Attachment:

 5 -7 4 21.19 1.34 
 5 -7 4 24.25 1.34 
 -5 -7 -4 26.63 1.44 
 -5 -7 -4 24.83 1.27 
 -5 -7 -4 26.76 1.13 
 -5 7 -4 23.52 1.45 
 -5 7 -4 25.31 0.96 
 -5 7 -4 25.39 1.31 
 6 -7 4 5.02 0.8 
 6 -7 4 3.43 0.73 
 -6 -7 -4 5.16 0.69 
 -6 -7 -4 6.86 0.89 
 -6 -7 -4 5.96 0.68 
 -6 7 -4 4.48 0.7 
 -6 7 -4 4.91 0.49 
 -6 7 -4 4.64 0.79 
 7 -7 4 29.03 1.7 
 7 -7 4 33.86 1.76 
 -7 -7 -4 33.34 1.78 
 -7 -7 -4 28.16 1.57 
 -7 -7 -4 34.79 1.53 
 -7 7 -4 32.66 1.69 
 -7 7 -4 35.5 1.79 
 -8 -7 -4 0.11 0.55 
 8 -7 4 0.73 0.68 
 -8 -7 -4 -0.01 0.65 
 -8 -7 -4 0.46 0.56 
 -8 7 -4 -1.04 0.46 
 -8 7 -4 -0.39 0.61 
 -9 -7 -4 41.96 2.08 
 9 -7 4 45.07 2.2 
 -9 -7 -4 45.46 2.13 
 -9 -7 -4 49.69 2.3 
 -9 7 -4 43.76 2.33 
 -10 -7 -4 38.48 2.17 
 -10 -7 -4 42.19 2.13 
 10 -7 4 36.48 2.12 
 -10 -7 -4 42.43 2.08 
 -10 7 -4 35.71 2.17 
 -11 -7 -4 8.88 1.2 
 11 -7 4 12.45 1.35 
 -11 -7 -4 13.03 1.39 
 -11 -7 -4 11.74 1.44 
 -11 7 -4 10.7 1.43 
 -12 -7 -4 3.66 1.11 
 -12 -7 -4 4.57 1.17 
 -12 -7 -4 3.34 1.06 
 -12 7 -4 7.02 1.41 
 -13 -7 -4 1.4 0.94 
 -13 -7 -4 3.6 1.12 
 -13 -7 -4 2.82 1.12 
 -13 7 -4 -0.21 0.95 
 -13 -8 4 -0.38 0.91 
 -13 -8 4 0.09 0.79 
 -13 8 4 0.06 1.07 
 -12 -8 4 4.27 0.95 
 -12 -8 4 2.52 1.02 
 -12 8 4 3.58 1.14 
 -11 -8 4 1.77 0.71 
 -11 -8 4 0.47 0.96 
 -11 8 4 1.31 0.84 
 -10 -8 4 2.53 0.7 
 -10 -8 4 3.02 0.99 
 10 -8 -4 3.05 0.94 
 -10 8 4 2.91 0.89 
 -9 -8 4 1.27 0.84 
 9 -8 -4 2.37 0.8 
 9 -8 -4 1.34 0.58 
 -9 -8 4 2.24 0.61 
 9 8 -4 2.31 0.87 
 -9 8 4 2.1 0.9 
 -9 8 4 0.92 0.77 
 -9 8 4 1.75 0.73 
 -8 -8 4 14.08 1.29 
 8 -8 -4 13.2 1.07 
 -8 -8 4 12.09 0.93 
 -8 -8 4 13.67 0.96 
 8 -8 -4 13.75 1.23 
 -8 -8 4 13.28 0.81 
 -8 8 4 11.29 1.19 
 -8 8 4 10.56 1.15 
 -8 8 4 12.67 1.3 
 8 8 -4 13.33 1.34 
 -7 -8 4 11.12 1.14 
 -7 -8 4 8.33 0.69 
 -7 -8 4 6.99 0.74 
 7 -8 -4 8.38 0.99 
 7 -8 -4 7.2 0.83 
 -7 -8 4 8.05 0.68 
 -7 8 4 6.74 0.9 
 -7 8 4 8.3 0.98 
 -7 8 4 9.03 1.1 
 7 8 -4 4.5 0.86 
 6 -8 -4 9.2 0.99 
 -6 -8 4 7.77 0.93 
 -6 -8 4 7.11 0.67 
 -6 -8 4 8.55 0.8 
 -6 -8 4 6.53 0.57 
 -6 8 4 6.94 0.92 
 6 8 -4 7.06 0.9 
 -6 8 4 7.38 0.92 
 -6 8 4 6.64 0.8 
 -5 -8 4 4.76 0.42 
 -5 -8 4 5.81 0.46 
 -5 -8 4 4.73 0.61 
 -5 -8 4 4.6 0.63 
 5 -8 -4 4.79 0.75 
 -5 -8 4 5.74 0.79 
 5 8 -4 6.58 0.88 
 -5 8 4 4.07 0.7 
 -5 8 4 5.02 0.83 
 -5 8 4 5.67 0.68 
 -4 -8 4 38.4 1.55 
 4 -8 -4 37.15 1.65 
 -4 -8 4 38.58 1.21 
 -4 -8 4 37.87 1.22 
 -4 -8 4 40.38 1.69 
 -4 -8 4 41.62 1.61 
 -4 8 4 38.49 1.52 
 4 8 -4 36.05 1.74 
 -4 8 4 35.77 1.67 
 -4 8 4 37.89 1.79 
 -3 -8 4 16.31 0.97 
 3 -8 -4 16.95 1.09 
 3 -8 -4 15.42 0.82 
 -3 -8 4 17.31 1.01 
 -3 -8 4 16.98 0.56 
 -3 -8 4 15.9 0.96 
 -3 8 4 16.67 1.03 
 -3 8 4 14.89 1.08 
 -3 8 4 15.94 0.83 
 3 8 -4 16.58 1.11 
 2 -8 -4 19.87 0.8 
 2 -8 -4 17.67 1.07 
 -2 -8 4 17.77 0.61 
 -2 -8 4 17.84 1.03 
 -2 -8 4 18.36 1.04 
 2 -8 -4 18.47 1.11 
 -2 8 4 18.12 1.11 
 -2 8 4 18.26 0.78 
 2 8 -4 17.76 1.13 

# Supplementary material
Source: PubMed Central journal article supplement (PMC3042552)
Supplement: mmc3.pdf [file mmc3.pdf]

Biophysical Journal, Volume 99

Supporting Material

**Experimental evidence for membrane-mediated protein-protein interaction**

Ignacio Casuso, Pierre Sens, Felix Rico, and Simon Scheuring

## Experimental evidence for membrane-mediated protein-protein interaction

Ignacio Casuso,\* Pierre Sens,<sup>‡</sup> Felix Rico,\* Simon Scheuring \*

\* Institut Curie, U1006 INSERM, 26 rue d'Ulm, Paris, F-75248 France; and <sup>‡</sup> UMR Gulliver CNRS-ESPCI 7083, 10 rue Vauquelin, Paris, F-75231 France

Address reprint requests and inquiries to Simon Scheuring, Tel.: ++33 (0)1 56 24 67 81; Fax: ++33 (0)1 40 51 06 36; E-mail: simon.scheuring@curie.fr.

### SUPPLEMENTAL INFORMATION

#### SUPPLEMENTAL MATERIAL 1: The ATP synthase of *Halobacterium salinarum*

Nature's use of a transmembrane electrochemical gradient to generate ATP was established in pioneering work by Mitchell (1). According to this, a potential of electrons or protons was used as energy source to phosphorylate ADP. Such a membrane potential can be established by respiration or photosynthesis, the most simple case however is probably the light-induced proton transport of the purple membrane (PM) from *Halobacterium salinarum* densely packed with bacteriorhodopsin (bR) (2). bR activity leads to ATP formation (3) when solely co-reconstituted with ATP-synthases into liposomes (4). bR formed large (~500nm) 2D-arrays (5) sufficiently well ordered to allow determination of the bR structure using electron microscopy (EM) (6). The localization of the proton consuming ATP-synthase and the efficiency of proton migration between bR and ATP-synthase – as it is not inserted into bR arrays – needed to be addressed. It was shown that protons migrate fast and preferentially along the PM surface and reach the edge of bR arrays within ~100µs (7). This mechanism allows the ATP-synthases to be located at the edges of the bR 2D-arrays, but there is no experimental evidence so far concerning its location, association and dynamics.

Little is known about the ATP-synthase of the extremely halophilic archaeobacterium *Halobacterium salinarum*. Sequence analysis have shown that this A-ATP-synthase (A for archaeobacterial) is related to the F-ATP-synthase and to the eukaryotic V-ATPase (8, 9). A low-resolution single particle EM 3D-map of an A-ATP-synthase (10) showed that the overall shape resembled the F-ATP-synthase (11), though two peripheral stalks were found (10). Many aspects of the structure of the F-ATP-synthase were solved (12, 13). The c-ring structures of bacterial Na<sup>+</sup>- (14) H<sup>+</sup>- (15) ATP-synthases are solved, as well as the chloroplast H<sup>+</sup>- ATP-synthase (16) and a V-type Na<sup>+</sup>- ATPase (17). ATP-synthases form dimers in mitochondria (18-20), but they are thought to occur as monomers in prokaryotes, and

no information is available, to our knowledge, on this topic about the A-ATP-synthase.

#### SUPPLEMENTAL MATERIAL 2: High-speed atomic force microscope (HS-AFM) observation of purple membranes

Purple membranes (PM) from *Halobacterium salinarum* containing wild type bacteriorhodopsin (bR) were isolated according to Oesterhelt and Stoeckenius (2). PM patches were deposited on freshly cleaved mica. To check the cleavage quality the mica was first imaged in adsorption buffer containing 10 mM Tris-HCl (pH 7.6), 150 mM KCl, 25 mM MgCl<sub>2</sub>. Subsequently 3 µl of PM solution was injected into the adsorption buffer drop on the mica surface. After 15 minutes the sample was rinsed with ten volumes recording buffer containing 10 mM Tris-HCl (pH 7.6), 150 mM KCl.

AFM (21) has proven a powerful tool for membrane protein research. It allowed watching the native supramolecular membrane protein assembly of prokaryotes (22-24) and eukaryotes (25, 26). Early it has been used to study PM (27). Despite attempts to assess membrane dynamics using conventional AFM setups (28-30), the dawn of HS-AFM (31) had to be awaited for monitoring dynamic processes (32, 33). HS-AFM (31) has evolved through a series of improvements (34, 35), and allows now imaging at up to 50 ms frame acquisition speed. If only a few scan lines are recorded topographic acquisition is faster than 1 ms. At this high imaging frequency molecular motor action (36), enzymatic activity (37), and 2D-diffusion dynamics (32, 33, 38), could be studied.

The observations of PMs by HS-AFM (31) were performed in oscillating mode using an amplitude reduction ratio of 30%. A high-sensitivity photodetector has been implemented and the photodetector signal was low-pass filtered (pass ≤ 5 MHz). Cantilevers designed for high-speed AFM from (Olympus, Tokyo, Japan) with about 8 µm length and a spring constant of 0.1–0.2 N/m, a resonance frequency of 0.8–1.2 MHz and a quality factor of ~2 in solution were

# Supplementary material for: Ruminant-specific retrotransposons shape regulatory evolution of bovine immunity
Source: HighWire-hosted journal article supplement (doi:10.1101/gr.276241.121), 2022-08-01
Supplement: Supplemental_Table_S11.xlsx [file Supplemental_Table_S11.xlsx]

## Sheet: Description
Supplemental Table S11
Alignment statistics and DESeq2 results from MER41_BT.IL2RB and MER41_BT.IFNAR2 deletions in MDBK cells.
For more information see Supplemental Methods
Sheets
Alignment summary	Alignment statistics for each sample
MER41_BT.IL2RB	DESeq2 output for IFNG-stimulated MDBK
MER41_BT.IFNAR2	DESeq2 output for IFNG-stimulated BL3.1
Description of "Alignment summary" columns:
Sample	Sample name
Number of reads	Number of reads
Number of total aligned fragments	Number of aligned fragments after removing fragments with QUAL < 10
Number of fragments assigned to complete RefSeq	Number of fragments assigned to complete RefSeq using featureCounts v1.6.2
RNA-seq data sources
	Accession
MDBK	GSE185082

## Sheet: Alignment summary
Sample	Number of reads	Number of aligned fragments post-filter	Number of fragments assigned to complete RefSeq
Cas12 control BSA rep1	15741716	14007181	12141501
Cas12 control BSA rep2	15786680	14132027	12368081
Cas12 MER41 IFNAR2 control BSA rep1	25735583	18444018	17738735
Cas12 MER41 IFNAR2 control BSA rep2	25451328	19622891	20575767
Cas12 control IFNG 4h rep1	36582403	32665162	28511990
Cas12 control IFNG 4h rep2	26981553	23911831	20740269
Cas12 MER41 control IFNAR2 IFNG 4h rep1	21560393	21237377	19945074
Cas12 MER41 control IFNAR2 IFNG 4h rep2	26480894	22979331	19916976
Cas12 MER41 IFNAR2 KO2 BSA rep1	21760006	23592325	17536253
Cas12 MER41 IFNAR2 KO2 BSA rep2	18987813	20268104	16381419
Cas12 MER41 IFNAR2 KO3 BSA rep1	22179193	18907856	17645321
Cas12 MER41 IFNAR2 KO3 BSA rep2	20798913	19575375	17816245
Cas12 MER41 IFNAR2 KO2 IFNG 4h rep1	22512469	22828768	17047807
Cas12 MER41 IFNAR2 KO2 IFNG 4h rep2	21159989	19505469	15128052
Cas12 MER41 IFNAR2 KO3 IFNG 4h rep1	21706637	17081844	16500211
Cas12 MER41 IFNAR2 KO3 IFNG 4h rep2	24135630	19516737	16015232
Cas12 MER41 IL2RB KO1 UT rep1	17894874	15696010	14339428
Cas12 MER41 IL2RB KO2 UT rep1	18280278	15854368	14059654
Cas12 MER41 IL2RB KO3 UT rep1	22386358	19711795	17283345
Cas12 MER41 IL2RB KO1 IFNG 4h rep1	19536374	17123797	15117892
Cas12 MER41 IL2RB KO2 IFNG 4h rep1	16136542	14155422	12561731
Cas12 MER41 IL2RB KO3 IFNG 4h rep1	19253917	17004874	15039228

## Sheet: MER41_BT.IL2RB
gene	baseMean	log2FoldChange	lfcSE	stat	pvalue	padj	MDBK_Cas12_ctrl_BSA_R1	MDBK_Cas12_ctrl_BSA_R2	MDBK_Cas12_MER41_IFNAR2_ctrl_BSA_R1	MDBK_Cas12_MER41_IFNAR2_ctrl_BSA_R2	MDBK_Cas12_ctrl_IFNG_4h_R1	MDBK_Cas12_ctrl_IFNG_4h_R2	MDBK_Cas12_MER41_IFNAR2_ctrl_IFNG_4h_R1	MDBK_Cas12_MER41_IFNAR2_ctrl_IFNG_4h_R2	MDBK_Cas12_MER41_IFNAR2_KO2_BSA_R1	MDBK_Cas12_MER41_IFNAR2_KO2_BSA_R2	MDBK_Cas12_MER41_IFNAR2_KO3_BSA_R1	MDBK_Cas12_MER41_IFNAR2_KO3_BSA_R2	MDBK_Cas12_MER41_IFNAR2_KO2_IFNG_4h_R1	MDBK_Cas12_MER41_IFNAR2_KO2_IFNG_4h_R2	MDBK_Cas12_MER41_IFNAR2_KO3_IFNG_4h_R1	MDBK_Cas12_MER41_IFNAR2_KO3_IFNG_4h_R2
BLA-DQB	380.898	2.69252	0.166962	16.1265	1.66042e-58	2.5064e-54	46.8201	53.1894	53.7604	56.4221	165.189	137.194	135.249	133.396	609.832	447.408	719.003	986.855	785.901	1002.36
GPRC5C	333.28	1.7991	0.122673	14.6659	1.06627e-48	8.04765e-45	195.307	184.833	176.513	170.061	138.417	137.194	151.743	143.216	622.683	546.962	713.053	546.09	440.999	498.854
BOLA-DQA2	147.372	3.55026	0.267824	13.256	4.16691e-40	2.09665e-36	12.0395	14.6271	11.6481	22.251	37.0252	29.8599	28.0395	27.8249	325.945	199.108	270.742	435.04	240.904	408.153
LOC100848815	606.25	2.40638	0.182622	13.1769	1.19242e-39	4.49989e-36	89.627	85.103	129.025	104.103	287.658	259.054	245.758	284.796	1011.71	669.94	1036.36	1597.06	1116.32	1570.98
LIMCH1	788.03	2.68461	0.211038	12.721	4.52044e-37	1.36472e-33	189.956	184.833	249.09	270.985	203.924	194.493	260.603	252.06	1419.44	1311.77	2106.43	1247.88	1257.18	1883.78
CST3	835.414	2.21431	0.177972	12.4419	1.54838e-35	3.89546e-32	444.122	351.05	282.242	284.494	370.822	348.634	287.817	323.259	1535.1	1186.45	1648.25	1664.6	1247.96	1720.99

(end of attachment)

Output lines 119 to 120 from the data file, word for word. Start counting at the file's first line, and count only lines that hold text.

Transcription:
 -4 8 4 38.49 1.52 
 4 8 -4 36.05 1.74 